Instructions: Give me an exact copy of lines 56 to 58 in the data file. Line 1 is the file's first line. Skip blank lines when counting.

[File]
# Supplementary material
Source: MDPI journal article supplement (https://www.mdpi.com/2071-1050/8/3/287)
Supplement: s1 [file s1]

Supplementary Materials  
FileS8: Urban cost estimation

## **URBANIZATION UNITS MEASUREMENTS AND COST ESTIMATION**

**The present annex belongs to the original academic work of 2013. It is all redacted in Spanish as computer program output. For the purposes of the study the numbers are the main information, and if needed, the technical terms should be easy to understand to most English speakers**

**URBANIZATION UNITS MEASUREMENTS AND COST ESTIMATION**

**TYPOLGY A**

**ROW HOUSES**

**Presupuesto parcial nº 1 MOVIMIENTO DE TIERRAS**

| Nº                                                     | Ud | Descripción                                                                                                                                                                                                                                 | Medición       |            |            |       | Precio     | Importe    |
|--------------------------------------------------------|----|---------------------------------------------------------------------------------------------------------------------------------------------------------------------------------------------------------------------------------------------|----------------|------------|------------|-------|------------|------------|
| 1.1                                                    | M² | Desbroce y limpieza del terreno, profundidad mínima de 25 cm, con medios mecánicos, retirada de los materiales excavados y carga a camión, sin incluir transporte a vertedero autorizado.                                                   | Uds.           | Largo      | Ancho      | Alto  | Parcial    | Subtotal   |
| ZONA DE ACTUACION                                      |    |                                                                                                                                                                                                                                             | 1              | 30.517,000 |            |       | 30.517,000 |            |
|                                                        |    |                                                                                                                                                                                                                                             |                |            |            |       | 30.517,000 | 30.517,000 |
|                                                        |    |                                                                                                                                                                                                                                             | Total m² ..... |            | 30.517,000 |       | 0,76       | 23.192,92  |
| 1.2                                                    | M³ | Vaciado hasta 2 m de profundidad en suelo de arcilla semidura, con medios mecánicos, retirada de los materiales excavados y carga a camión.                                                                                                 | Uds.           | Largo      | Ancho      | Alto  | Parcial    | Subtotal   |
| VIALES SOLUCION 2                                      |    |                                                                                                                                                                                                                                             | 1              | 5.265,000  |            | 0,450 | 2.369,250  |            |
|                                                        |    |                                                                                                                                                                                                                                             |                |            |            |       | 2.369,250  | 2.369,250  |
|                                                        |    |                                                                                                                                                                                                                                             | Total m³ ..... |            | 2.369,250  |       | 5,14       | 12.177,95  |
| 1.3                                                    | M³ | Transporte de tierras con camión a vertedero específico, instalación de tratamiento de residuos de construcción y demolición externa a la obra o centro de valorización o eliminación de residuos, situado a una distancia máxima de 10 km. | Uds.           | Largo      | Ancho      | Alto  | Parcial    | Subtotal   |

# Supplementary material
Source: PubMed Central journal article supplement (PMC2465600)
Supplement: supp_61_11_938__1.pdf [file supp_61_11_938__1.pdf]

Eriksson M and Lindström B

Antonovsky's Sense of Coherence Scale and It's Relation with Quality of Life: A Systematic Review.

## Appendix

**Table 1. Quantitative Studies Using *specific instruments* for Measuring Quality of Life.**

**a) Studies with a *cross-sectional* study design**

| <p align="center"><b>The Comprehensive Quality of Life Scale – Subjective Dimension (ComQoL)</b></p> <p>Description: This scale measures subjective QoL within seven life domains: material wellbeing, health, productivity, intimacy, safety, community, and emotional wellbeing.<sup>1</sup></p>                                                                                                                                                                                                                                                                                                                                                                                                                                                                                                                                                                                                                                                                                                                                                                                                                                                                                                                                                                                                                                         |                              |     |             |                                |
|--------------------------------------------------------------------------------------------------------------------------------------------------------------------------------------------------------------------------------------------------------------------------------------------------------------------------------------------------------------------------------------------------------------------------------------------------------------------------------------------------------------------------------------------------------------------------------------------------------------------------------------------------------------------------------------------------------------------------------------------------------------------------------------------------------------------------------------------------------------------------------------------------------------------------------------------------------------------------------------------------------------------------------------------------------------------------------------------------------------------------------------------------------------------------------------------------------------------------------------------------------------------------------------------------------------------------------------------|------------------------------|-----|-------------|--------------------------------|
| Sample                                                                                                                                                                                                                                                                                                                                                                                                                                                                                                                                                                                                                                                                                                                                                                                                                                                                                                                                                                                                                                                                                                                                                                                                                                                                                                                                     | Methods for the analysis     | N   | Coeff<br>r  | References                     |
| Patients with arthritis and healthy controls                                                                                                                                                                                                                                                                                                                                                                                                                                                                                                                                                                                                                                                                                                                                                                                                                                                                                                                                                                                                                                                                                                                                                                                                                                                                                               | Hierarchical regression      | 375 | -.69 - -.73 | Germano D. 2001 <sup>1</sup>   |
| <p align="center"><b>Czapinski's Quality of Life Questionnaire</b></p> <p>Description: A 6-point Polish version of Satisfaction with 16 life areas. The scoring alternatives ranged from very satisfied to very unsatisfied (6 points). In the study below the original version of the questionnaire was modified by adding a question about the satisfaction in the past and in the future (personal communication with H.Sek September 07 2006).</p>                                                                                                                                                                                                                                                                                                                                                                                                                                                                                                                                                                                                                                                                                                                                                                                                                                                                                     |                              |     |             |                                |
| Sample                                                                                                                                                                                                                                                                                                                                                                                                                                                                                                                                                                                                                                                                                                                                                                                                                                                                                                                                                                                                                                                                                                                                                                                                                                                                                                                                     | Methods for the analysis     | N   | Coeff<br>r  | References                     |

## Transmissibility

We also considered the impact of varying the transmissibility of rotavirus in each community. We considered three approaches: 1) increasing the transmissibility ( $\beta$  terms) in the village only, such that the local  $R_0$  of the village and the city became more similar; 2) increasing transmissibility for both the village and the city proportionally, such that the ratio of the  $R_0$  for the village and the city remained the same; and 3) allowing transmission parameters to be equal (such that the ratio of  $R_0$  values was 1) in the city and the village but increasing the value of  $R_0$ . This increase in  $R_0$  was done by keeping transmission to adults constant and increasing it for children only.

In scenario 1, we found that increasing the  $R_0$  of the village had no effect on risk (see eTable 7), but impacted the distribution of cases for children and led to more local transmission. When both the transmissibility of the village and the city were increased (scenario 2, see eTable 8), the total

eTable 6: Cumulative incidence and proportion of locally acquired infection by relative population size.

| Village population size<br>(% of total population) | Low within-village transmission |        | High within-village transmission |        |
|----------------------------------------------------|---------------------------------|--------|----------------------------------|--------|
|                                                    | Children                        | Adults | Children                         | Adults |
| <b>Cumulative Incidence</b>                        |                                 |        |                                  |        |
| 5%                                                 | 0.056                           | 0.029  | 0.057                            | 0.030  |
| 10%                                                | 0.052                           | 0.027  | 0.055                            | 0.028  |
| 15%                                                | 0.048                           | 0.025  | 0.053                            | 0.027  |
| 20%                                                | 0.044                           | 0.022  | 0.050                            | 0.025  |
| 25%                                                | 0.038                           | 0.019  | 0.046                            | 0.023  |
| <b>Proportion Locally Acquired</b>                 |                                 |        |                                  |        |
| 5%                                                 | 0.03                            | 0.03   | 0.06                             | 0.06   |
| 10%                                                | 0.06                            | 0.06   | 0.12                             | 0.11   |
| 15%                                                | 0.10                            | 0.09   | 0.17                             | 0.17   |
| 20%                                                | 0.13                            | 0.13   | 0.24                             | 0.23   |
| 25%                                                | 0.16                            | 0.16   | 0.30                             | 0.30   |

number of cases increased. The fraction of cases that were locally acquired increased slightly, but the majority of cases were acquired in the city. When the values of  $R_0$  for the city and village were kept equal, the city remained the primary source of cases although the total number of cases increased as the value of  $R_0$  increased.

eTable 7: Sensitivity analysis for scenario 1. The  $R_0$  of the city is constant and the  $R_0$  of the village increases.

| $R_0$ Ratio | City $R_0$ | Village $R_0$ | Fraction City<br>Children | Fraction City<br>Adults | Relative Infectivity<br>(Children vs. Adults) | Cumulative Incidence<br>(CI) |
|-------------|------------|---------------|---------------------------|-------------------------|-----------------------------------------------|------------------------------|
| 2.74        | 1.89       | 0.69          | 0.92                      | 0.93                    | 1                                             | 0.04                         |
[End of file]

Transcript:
number of cases increased. The fraction of cases that were locally acquired increased slightly, but the majority of cases were acquired in the city. When the values of  $R_0$  for the city and village were kept equal, the city remained the primary source of cases although the total number of cases increased as the value of  $R_0$  increased.

eTable 7: Sensitivity analysis for scenario 1. The  $R_0$  of the city is constant and the  $R_0$  of the village increases.

| $R_0$ Ratio | City $R_0$ | Village $R_0$ | Fraction City<br>Children | Fraction City<br>Adults | Relative Infectivity<br>(Children vs. Adults) | Cumulative Incidence<br>(CI) |